Ultrasonic Parking Aid without Arduino

Low power, battery operated ultrasonic parking aid.

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Uses the cheap SR-04 ultrasonic distance sensor to blink some LEDs based on distance.

I found a lot of similar parking aid projects, but they all, for the most part, call for tying up a full sized Arduino and providing DC power through a wall wart. I wanted something stand alone that could run for months off AA batteries. A low-cost embeddable board like the Pro Mini might have worked, but most use LDOs and have power LEDs, so waste power.

This is a useful example project, I think, to intermediate Arduino users who want to put their project onto a PCB. The routing is much simpler than a full Arduino-compatible board because no unused pins have been brought out to headers. It provides ICSP and serial headers for programming and debugging. You could easily take this layout, delete the parking related stuff, and route in your own project components. It uses an LTC3525 boost chip to provide 5V or 3.3V from one or two AA batteries.

Watch the test video to see how it works:

Runs in one of three modes: waiting, parking, and parked. "Waiting" is when no car has been detected for a while, and goes to a 2 second ping cycle, with deep sleep between pings. "Parked" is when a car is detected, but has not moved recently; then it goes to a 1 minute cycle. "Parking" runs an active delay loop at 100 ms. Red and green LEDs are constant, yellow LED flashes at a rate proportional to distance. LED flashing is controlled by timer interrupts, to avoid complicating the main loop.

STLs for a 3D printed enclosure is provided. Stand off holes are sized to self-tap with a #4 screw.

The PCB is suitable for reuse for any low power mobile Arduino-based project. Just remove the traces for the LEDs and their current limiting resistors and add your own components.

The schematic was mainly cribbed from the SparkFun Arduino Pro Mini and the LTC3525 datasheet. I chose an 8 MHz resonator because clock speed wasn't important and I wanted to reduce power consumption. I chose 5V because it is necessary for the SR04 sensor and it would complicate things to introduce separate rails, power down the 3.3V rail, etc. Also, those LTC3525 boost chips aren't cheap; more expensive than the microcontroller!

  • 1 × ATMega328P Microprocessors, Microcontrollers, DSPs / ARM, RISC-Based Microcontrollers
  • 3 × 0.1uF 0805 ceramic capacitor
  • 1 × 1uF 0805 ceramic capacitor
  • 1 × 22uF 0805 ceramic capacitor
  • 1 × 10 uH 1210 SMD inductor

View all 18 components

  • Added pushbutton, new case

    jsc01/02/2015 at 06:52 0 comments

    The previous case sucked, never stayed together properly. The new case is great, a single piece except for the lid, which snaps on with the power of magnets. I've also added a push button to calibrate the red light distance because I was making one for my dad and it's a bit much to expect him to reflash the firmware if he wants the trip distance changed. The setting will be saved in EEPROM, so will last through battery changes.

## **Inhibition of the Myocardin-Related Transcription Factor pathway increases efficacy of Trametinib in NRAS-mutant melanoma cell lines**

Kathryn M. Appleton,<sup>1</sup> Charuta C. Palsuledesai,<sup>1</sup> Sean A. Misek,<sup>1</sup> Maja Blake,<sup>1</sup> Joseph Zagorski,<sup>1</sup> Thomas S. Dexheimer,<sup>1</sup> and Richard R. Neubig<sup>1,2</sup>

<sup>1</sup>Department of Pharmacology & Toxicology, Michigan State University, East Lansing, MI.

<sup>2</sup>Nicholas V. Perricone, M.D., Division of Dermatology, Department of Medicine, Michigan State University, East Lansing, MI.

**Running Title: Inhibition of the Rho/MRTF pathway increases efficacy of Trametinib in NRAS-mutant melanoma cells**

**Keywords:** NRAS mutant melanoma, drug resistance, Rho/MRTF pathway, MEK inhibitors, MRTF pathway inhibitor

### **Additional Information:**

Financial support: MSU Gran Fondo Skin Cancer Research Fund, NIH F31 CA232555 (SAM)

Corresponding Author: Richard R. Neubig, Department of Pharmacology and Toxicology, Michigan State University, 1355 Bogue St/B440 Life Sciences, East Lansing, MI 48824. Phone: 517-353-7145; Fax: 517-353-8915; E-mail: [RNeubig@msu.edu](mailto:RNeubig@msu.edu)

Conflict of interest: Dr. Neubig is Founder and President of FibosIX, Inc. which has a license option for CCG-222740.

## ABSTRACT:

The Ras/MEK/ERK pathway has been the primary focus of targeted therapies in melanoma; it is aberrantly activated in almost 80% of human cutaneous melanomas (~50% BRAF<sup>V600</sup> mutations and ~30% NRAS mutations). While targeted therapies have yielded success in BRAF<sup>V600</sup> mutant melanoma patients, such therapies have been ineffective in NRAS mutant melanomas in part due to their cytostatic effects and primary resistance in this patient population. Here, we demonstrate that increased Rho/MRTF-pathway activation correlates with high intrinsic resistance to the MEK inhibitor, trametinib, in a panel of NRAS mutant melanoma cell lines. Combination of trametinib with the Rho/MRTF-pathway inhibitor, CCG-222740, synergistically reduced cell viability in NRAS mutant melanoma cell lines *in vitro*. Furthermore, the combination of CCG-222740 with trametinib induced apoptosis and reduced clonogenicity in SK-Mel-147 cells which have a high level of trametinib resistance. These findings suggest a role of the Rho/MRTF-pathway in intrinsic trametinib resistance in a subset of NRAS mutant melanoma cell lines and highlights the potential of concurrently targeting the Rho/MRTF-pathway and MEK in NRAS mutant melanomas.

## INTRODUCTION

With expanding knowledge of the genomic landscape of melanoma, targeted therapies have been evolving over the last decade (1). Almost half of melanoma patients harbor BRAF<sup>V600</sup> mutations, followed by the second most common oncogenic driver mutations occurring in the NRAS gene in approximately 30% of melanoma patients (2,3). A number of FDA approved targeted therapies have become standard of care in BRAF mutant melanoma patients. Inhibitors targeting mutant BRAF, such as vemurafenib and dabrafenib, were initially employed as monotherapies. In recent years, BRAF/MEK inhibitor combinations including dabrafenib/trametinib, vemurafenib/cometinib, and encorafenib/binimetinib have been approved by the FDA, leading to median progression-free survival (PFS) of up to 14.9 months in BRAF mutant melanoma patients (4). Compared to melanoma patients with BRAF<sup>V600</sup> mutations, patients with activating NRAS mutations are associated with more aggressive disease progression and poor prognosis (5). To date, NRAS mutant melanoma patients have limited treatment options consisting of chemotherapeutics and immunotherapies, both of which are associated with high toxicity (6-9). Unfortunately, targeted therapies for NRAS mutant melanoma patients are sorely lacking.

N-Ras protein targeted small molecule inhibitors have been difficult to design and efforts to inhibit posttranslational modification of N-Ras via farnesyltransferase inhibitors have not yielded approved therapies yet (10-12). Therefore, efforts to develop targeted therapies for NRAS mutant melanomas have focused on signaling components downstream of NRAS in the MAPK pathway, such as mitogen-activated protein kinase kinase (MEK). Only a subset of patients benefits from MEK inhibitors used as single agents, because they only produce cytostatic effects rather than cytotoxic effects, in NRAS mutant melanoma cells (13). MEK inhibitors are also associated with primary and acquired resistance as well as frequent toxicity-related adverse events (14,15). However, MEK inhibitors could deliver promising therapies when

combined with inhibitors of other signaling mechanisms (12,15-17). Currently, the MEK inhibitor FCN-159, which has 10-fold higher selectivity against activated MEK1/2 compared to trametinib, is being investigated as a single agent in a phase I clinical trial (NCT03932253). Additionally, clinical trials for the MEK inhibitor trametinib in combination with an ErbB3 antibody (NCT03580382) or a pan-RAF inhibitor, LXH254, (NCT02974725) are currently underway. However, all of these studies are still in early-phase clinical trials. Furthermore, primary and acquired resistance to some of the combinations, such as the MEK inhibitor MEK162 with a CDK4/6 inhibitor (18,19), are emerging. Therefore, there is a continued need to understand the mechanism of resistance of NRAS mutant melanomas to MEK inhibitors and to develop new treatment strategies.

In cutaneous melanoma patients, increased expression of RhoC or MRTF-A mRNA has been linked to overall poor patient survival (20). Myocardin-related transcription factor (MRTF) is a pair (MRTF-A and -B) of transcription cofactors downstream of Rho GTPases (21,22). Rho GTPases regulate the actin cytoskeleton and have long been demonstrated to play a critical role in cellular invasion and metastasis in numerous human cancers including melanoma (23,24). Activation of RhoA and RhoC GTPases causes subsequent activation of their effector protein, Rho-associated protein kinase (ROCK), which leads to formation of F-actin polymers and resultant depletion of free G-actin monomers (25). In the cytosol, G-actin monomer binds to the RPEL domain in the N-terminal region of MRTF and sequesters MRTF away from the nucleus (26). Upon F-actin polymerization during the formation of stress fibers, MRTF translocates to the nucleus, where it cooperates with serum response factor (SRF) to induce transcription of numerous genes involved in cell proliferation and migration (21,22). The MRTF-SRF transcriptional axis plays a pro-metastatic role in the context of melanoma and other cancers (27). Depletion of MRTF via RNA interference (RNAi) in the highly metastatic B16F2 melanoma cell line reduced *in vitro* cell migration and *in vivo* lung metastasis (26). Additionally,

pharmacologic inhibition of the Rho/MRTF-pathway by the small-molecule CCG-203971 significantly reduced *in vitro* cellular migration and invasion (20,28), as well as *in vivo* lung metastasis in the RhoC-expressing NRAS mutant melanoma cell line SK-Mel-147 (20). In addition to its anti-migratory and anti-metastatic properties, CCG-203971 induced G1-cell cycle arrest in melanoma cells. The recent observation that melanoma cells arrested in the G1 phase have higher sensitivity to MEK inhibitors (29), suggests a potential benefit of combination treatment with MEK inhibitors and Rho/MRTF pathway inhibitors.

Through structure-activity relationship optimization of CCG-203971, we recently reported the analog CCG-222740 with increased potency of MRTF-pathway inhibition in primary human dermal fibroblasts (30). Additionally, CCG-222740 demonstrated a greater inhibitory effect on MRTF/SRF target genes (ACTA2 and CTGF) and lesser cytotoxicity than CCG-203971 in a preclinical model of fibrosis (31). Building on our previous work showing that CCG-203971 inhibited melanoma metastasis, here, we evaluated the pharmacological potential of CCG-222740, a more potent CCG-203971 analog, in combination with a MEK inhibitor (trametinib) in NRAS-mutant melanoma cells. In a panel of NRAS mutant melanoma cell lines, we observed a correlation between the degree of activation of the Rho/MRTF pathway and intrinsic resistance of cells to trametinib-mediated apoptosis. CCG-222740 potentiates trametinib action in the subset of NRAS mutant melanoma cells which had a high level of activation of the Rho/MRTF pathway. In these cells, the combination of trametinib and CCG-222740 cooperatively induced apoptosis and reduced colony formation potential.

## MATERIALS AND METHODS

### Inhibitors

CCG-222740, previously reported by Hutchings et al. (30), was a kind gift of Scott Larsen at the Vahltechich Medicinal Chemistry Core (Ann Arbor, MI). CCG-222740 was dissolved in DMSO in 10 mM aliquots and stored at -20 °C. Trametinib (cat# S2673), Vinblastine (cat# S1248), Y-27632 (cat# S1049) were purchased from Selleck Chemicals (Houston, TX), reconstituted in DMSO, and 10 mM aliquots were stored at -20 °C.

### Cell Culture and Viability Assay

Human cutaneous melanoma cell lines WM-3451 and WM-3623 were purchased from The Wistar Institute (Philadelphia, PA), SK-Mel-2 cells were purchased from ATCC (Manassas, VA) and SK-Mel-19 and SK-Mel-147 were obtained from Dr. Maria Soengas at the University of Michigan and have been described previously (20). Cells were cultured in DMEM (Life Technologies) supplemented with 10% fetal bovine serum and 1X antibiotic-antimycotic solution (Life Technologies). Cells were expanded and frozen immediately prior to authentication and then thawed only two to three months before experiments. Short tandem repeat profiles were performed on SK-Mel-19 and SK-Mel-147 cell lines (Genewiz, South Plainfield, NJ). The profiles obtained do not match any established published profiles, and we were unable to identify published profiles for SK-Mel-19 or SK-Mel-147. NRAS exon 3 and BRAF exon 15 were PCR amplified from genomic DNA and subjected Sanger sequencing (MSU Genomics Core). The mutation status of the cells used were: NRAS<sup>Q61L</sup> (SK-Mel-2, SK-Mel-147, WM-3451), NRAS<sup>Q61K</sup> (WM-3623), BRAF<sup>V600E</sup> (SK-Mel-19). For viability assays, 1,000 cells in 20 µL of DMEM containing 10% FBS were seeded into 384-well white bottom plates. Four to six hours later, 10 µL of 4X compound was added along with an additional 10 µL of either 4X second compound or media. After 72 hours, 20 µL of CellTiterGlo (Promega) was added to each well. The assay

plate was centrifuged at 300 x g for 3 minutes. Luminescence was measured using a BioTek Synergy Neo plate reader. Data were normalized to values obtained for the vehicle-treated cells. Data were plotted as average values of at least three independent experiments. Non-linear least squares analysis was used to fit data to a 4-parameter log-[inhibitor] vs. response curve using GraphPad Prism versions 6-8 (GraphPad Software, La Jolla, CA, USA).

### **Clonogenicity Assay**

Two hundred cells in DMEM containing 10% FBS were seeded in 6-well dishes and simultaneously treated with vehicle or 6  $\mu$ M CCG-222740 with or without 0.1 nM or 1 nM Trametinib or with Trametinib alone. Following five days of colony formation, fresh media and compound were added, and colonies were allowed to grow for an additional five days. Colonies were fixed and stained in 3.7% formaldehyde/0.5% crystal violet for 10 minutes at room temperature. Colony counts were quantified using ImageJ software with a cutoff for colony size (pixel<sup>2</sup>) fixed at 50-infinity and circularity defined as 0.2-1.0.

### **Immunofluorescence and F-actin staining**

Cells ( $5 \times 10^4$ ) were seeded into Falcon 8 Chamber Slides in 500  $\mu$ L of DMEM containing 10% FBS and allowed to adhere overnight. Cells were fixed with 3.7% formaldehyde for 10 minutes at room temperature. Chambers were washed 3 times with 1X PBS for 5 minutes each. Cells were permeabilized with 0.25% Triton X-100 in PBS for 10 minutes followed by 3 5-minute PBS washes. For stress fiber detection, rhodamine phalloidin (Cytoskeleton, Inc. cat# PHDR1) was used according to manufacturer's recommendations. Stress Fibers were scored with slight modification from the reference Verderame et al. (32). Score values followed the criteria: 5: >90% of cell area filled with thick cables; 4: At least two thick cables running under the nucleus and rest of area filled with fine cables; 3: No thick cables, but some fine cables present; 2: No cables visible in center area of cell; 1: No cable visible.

• Alternative printed case

    jsc07/25/2014 at 13:51 0 comments

    I've added an alternative case design, which lays out the battery holder and the boards side by side rather than stacked. It makes for a wider but thinner case. The battery is held on a slide out compartment.

  • Power savings success

    jsc07/19/2014 at 05:23 0 comments

    Just got the latest revision from the fab. Using a low side MOSFET switch does indeed turn the power usage down to unmeasurable levels. There are a few considerations.

    You must disconnect the trigger pin by setting it to an input (and setting it back to an output when turning the sensor on) or else it will find GND through that pin and consume power.

    Also, the sensor doesn't like being connected to VCC first without getting GND. Several of the available datasheets warn against doing this, with unspecified consequences. Well, one consequence is that the echo pin stays high through the first ping after wakeup, resulting in a short read. I've found a sequence of wakeup, short delay (20 ms), and a sacrificial ping resets the sensor to a working state.

    The board has been tightened up some for v1.3, but the enclosure remains the same external size as the length is dictated more by the battery dimensions.

    There is also now a trace from VIN to an analog pin, to track battery voltage. It will report out the current battery state when in the parked state every minute by flashing red for the number of integer volts, and green for the first decimal place. When voltage drops to less than 2, it will stop working and flash red three times every few seconds, reminding you to change the battery until it dies.

  • Added MOSFET

    jsc07/01/2014 at 14:23 0 comments

    Updated board layout with a pull up resistor and a low side switch to power down the sensor. Hoping the external pull up will reduce the timeouts and checksum errors I still get occasionally. Waiting on PCBs now to test what I hope will be the final revision.

    Also made the layout a little denser, to reduce board size.

  • Not enough power

    jsc06/26/2014 at 18:41 0 comments

    Driving the HC-SR04 from a digital pin doesn't work. From a thread on avrfreaks, it appears it can draw up to 100 mA peak power, which is more than a digital pin can provide. Soldering a large cap across the VCC and GND pins lets it work when powered continuously, but causes it to return nonsense values when trying to turn it on and off. Need to put in a transistor as a switch.

  • Too much power

    jsc06/14/2014 at 02:07 0 comments